Today’s DLTJ Thursday Threads looks at the potential for the Amazon Kindle Fire to disrupt the tablet market as we know it now. First is a link to an eight minute video by Clayton Christensen in which he describes his theory of disruptive innovation. Then there is pointer to an article from the Harvard Business Review blog describing the Kindle Fire’s place in the disruptive innovation graph. Finally, some guesses as to why Amazon is selling the Fire for $200 when it costs about $210 to build one.
Legal action against the digitization and limited distribution of orphan works unexpectedly hit the news again this week. This week’s DLTJ Thursday Threads starts with an overview of the lawsuit filed by authors organizations and authors against Hathi Trust over plans to make digital versions of orphan works available to university users. And while we’re wondering of libraries’ role in providing access to digitized works, we should also take note of an article in American Libraries Magazine on what we could learn from Blockbuster’s fall. And lastly, I point to a story of one author’s experience when her own self publishing with Amazon ran afoul of a publisher’s desires.
It is an all e-books edition of DLTJ Thursday Threads this week. The biggest news was the announcement of the policy change by HarperCollins for ebooks distributed through OverDrive. Beyond that, though, was an announcement of a new sharing model and program through the Internet Archive. Lastly is a slidecast recording of a presentation by David Lewis on the future of library collections.
At the 2010 Annual RLG Partnership Meeting, David Lewis (Dean of the IUPUI University Library) gave a talk entitled “Collections Futures”. I’ve followed David’s ideas since we crossed paths a few years ago; his ideas on applying Clayton Christensen’s disruptive innovation theories to libraries ring true to me. This presentation is in part an update on his earlier work on this theme and an expansion to include new ideas from Clay Shirky and John Seely Brown.
With David Lewis’ permission and in keeping with the Creative Commons license he used to publish the work, I have synchronized his slides and the audio recording using Slideshare.net. That effort is embedded below and is available on the Slideshare site.
If it is Thursday it must mean it is time for another in this series of Thursday Threads posts. This week there are an abundance of things that could fall into the category of “disruptive innovation” in libraries and higher education. If you find these interesting, you might want to subscribe to my FriendFeed stream where these topics and more are posted and discussed throughout the week.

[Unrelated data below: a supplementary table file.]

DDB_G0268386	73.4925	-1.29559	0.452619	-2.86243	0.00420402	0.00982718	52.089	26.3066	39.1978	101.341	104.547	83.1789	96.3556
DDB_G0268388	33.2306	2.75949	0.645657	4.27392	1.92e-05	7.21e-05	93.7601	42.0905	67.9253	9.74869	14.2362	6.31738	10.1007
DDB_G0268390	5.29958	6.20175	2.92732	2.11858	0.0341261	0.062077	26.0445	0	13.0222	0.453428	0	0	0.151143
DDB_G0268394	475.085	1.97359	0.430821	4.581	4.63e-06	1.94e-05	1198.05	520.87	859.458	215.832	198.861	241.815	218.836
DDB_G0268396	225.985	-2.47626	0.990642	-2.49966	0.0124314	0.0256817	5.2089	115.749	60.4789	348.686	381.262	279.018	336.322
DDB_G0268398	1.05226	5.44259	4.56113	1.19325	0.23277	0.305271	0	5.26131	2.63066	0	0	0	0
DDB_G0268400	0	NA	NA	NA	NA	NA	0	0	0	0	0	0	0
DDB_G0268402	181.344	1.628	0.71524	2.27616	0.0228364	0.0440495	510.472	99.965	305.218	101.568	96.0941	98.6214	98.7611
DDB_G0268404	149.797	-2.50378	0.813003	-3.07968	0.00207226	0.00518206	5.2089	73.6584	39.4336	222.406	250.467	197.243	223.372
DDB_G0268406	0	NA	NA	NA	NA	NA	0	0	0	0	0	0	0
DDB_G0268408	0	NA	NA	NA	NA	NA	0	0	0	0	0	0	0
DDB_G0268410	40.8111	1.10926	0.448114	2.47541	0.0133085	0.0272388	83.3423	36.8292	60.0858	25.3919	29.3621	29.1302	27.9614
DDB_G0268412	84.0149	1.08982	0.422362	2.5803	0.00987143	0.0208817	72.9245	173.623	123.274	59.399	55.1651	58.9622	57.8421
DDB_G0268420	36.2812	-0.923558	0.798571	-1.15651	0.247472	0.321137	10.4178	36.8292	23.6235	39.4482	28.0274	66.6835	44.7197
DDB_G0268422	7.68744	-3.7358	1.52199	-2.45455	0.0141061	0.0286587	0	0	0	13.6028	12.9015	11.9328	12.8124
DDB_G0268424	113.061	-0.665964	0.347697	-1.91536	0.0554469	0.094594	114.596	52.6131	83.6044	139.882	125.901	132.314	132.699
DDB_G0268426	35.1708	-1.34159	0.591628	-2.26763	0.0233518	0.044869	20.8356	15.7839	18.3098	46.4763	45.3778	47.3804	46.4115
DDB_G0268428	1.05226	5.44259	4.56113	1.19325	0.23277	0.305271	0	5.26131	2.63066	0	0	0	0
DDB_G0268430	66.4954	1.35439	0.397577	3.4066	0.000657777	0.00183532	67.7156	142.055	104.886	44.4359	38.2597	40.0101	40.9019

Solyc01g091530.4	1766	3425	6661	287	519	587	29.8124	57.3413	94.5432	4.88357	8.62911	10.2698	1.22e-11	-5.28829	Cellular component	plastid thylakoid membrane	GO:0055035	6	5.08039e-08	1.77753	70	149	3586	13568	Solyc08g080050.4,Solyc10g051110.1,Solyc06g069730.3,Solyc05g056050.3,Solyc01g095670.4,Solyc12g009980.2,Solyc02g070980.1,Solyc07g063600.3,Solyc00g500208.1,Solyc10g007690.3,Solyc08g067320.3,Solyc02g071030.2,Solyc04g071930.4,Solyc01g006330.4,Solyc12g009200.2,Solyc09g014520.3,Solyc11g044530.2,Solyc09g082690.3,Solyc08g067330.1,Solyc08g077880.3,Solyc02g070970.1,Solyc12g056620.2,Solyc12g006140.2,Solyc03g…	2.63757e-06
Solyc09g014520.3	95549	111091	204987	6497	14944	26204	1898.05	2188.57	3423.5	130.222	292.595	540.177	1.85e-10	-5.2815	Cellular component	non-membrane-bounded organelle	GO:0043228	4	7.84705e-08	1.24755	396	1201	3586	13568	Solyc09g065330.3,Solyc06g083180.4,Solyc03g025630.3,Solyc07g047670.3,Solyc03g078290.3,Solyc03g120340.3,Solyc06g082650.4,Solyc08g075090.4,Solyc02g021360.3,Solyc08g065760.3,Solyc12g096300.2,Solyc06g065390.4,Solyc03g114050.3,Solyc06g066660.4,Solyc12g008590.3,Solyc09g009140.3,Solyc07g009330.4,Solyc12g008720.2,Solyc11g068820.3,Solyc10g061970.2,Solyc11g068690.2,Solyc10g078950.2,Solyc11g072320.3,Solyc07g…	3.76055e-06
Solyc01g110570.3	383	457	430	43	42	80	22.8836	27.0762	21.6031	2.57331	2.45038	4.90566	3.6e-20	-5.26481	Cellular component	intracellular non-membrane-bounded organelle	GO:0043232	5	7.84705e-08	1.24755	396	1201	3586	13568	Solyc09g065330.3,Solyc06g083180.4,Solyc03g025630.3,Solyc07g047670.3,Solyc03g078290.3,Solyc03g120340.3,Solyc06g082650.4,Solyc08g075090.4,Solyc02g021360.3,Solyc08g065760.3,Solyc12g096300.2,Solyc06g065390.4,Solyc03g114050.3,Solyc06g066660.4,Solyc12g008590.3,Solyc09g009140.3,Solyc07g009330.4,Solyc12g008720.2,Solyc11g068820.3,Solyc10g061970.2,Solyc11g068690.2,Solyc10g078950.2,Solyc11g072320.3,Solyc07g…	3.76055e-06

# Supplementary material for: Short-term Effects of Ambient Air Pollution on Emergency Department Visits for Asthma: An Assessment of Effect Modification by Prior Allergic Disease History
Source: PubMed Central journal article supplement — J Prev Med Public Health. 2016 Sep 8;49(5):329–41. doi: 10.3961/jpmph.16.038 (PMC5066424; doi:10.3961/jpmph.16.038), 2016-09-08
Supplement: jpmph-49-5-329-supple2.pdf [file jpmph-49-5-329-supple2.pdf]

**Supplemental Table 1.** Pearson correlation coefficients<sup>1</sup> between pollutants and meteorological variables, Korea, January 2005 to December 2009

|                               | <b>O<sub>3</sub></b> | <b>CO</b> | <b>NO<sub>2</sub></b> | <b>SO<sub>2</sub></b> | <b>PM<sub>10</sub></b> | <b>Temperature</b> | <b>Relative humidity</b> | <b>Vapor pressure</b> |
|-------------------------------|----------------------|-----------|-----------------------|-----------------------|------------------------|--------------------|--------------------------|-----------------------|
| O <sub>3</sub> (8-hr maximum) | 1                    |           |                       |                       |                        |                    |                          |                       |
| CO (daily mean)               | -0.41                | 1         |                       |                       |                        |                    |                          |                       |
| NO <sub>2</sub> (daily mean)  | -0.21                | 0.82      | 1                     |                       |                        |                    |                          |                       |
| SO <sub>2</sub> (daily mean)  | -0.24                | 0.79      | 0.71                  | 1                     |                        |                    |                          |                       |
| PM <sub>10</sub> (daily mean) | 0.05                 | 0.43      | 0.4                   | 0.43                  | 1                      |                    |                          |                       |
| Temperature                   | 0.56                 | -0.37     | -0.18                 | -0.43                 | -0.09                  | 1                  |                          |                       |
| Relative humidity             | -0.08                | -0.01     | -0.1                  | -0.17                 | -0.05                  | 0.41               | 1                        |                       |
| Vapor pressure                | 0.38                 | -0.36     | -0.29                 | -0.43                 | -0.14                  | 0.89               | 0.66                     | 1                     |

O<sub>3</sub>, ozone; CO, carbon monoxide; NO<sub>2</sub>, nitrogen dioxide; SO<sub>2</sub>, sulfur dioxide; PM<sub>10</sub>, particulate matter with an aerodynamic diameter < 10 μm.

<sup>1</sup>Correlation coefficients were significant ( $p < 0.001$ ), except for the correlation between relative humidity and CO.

Sue Polanka, head of reference and instruction at the main library of Wright State University, sent a message to the OhioLINK membership today about a new blog she is moderating called No Shelf Required:
No Shelf Required provides a forum for discussion among librarians, publishers, distributors, aggregators, and others interested in the publishing and information industry. The discussion will focus on the issues, concepts, current and future practices of Ebook publishing including: finding, selecting, licensing, policies, business models, usage (tracking), best practices, and promotion/marketing. The concept of the blog is to have open discussion, propose ideas, and provide feedback on the best ways to implement Ebooks in library settings. The blog will be a moderated discussion with timely feature articles and product reviews available for discussion and comment.
The title of this post is true, under certain circumstances. Last week’s e-mail brought word from Michael Robertson of . By using , the , no-spyware computer-based telephony application, it is now possible to call about 10% of the mobile and land lines in the country for no per-minute charge. This looks like another chink in the armor of the traditional voice telecom way of doing business, on their way to being disrupted out of existence (as they are known today).
Libraries place a good deal of emphasis on collection development policies — a written statement of a library’s intentions for building its collection. It describes the collection’s strengths and weaknesses and provides guidelines for the purchase (“acquisition”) and disposition (“weeding”) of content. This is an activity that sets libraries apart from other organizations.
Why settle for mere digital copies of books (a la the Google Book Search project and the Open Content Alliance) when you can have an edition printed, bound and sent to you in the mail? That’s the twist behind a recent partnership announced by Amazon.com, Kirtas Technologies, Emory University, University of Maine, Toronto Public Library, and the Public Library of Cincinnati and Hamilton County.